All posts by steveskinner3

I'm 28, I enjoy; most sports, especially running, drawing/illustrating at times, listening to music and going to drum & bass events. I will be writing about my running throughout the year whether I'm racing, training or going on an adventure, hope you enjoy the read. Steve

Running Resources

Over the last few years I have found various running related websites, podcasts, books, magazines & films really helpful. Some of the resources mentioned below have altered the way I train and race while others have provided motivation and inspiration. I hope you will also find the links useful. If you have any personal recommendations please comment and share.

Websites

Science of Running

https://www.scienceofrunning.com/

McMillan Running

https://www.mcmillanrunning.com/

Fast Running

https://www.fastrunning.com/

The Milestone Pursuit

https://themilestonepursuit.com/the-milestone-pursuit-in-running/the-monthly-milestone/

 

Marathon time predictor:

https://projects.fivethirtyeight.com/marathon-calculator/

 

Podcasts

The Morning Shakeout

https://themorningshakeout.com/

Marathon Talk

https://marathontalk.com/

Lets Get Running

https://www.letsgetrunning.co.uk/podcast

Billy Yang

https://billyyangpodcast.libsyn.com/

 

Books/Magazines

Marathon Running: From Beginner to Elite – Richard Nerurkar

Endure – Alex Hutchinson

The Art of Running Faster – Julian Goater, Don Melvin

Twin Tracks – Roger Bannister

Two Hours – Ed Caesar

What I Talk About When I Talk About Running – Haruki Murakami

Born To Run – Christopher McDougall

Natural Born Heroes – Christopher McDougall

Why We Run – Robin Harvie

Eat & Run – Scott Jurek

North – Scott Jurek

Running With The Kenyans – Adharanand Finn

The Way Of The Runner – Adharanand Finn

Rise Of The Ultrarunners – Adharanand Finn

50 Races To Run Before You Die – Tobias Mews

Runner – Lizzy Hawker

Ultramarathon Man – Dean Karnazes

The Road To Sparta – Dean Karnazes

Feet In The Clouds – Richard Askwith

Running Free – Richard Askwith

A Life Without Limits – Chrissie Wellington

Finding Gobi – Dion Leonard

Run Or Die – Kilian Jornet

A Year On The Run – Damian Hall

Shoe Dog – Phil Knight

Peak Performance – Brad Stulberg, Steve Magness

Grand Trail – Alexis & Frederic Berg

 

Like The Wind Magazine

https://www.likethewindmagazine.com/

 

Ultra Magazine

https://www.ultra-magazine.com/

 

Films / Documentaries / Videos

The Barkley Marathons: The Race That Eats Its Young

Where Dreams Go To Die

https://www.youtube.com/watch?v=NDZdsqbcGTU

Run Forever: The film of Nicky Spinks & The Double Bob Graham Round

https://www.youtube.com/watch?v=2ABR30IHlq4

Paul Tierney: Running The Wainwrights

https://www.youtube.com/watch?v=laMBEjxlst8

Unbreakable: The Western States 100

https://www.youtube.com/watch?time_continue=1&v=zy1as6CTYXI&feature=emb_title

Finding Traction

https://www.youtube.com/watch?v=_3tCVxm0sm4

Skid Row Marathon

https://skidrowmarathon.com/

Karl Meltzer: Made To Be Broken

https://www.redbull.com/gb-en/films/karl-meltzer-made-to-be-broken

Kilian Jornet: Summits Of My Life

https://everest.summitsofmylife.com/

 

YouTube channels

Salomon Running

https://www.youtube.com/user/officialsalomon

The Ginger Runner

https://www.youtube.com/user/TheGingerRunner

Run Steep Get High

https://www.youtube.com/user/runsteepgethigh

Ben Parkes

https://www.youtube.com/channel/UCZPqG0yh_xPm2AyLjffbDvw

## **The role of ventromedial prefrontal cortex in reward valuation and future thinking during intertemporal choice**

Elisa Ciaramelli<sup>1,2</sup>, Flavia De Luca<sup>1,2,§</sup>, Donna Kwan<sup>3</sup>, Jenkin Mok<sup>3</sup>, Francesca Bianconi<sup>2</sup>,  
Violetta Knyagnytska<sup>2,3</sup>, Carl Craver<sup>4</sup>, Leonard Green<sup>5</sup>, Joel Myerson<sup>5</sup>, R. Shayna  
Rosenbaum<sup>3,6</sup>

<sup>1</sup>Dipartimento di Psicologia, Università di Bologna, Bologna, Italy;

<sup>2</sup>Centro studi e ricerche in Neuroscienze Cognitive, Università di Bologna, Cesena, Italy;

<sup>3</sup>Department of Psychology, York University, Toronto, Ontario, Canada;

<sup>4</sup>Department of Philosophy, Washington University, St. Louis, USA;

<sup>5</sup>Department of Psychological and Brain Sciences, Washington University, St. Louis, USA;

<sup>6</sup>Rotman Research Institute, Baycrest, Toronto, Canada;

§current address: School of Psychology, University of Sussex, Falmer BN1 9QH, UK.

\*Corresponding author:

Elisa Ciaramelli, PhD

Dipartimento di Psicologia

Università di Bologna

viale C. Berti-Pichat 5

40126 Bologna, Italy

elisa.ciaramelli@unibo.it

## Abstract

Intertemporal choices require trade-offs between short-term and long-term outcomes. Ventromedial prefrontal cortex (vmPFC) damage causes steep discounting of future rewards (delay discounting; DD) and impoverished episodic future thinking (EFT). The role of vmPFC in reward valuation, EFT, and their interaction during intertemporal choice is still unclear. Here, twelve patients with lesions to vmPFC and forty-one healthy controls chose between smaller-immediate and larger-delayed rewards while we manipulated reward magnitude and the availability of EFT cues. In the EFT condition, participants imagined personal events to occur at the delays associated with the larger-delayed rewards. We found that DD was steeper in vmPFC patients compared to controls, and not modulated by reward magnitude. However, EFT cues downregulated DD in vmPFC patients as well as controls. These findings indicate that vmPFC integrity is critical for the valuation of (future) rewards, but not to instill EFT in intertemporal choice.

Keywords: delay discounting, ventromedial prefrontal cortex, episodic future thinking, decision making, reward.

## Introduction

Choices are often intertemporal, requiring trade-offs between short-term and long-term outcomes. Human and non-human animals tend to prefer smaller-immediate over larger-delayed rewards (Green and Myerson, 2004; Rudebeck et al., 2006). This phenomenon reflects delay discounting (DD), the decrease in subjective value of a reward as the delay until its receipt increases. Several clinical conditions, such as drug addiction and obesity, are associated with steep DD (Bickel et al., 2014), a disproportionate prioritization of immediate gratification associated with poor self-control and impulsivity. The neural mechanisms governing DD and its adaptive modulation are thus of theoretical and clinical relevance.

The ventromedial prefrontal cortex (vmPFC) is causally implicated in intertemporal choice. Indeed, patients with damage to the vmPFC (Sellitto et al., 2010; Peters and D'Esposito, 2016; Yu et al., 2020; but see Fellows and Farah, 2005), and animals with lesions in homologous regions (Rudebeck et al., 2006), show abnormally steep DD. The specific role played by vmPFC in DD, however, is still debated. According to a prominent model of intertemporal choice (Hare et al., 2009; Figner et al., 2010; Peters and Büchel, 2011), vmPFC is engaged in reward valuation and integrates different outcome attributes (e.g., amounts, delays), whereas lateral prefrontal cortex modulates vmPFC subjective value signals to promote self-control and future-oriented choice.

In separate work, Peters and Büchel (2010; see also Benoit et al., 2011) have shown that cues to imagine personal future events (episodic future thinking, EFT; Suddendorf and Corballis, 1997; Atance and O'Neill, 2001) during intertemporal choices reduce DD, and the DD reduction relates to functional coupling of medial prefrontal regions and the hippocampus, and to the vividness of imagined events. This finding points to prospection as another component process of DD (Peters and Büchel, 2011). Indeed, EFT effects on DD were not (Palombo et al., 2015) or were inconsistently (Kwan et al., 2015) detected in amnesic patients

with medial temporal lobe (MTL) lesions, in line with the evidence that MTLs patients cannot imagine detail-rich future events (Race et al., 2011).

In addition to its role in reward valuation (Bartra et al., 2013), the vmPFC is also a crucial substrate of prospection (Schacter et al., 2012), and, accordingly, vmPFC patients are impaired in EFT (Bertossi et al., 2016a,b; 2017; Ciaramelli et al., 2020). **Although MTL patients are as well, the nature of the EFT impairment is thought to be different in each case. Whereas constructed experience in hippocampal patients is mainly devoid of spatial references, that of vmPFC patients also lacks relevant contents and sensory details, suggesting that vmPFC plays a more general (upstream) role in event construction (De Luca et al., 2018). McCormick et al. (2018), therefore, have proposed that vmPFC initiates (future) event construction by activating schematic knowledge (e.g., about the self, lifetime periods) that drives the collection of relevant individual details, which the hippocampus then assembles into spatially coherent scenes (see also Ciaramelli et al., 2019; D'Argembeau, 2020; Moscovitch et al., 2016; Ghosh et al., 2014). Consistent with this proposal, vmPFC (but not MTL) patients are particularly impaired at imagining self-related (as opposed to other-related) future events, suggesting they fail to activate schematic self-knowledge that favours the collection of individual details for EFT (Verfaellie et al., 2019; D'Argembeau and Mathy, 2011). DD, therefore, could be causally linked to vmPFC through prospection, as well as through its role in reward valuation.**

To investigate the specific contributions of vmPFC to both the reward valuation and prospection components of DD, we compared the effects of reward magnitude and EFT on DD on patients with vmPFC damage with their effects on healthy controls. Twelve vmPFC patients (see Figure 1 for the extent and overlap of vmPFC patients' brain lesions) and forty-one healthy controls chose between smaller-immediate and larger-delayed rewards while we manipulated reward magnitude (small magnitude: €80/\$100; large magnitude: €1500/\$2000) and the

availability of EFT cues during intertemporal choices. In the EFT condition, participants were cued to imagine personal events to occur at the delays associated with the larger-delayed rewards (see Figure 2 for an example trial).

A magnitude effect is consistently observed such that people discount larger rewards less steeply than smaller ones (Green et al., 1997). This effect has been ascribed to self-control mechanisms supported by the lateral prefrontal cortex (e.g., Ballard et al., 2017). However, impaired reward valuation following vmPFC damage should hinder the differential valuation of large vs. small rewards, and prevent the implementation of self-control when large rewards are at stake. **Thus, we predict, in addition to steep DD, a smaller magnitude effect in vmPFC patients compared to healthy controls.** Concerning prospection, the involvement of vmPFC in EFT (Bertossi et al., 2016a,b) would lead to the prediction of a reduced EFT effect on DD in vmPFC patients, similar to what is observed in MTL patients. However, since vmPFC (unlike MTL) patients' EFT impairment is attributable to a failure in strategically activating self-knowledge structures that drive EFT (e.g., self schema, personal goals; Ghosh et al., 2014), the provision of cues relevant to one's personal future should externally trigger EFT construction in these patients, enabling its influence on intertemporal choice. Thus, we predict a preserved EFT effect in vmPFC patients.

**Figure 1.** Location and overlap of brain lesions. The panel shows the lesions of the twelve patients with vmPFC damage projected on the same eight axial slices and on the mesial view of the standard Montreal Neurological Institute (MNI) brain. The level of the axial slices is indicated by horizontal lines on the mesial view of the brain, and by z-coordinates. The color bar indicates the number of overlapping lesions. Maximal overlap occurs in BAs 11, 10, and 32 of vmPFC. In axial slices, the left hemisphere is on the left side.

The Run Testers

https://www.youtube.com/channel/UCOBM9FasII4dKbyE_HKkbjw

The Running Channel

https://m.youtube.com/channel/UCX7dV4OPDSutwMUauSD5AAA

Great Bentley Half Marathon 2020

On Sunday 2nd February I took part in the Great Bentley Half Marathon for the first time. Lorna and I signed up to the race because her brother Alex had enjoyed it in 2019 achieving a personal best. As the race is local to Colchester, where Lorna’s parents live, it was easy to get to and we thought it would be good timing ahead of the Barcelona Marathon on the 15th of March.

I travelled back to Colchester on Saturday evening after work. We carb loaded on pizza and chips and put our feet up watching a film before getting an early night. Having not raced for a while I was really looking forward to it. Over the last few months I have been following a training plan as part of the Fast Running “Performance Project Spring 2020”. The plan is put together by Tom Craggs and Robbie Britton and so far has included quite a lot of fartlek, lactate threshold/tempo and easy long runs. I have definitely started to realise the benefits of running at closer to 5k/10k pace more regularly and subsequently the easier slower runs are feeling more comfortable week on week.

Leading into the race I was looking forward to seeing what sort of shape I was in. However I was also aware that the following weeks training included some tough sessions that would be a struggle if I emptied the tank in the race. I decided I was going to run at around goal marathon pace and practice my nutrition strategy.

Obligatory kit pic

Arriving at the Village Hall I felt good, I’d slept well and my legs were feeling relatively fresh having rested on Saturday. Number pick up and bag drop was straightforward and then I ran an easy 2k with Alex to get the legs moving. It felt like the race start came around really quickly. I think I was quite relaxed because I wasn’t aiming for a PB. We listened to the quick race briefing while positioning ourselves on the start line and then we were off as the clock struck 10:30am.

Everyone bolted from the line but I tried to hold myself back and settle into a rhythm around goal marathon pace. I was aiming for around 4 min/km pace but my first few kilometres were closer to 3:50. The course was really flat so I felt comfortable holding that pace for the first 6k or so. I tried to resist the temptation to race but with my legs feeling good I decided to push on and see what time I could do. In the car on the way to the race Lorna predicted this would happen!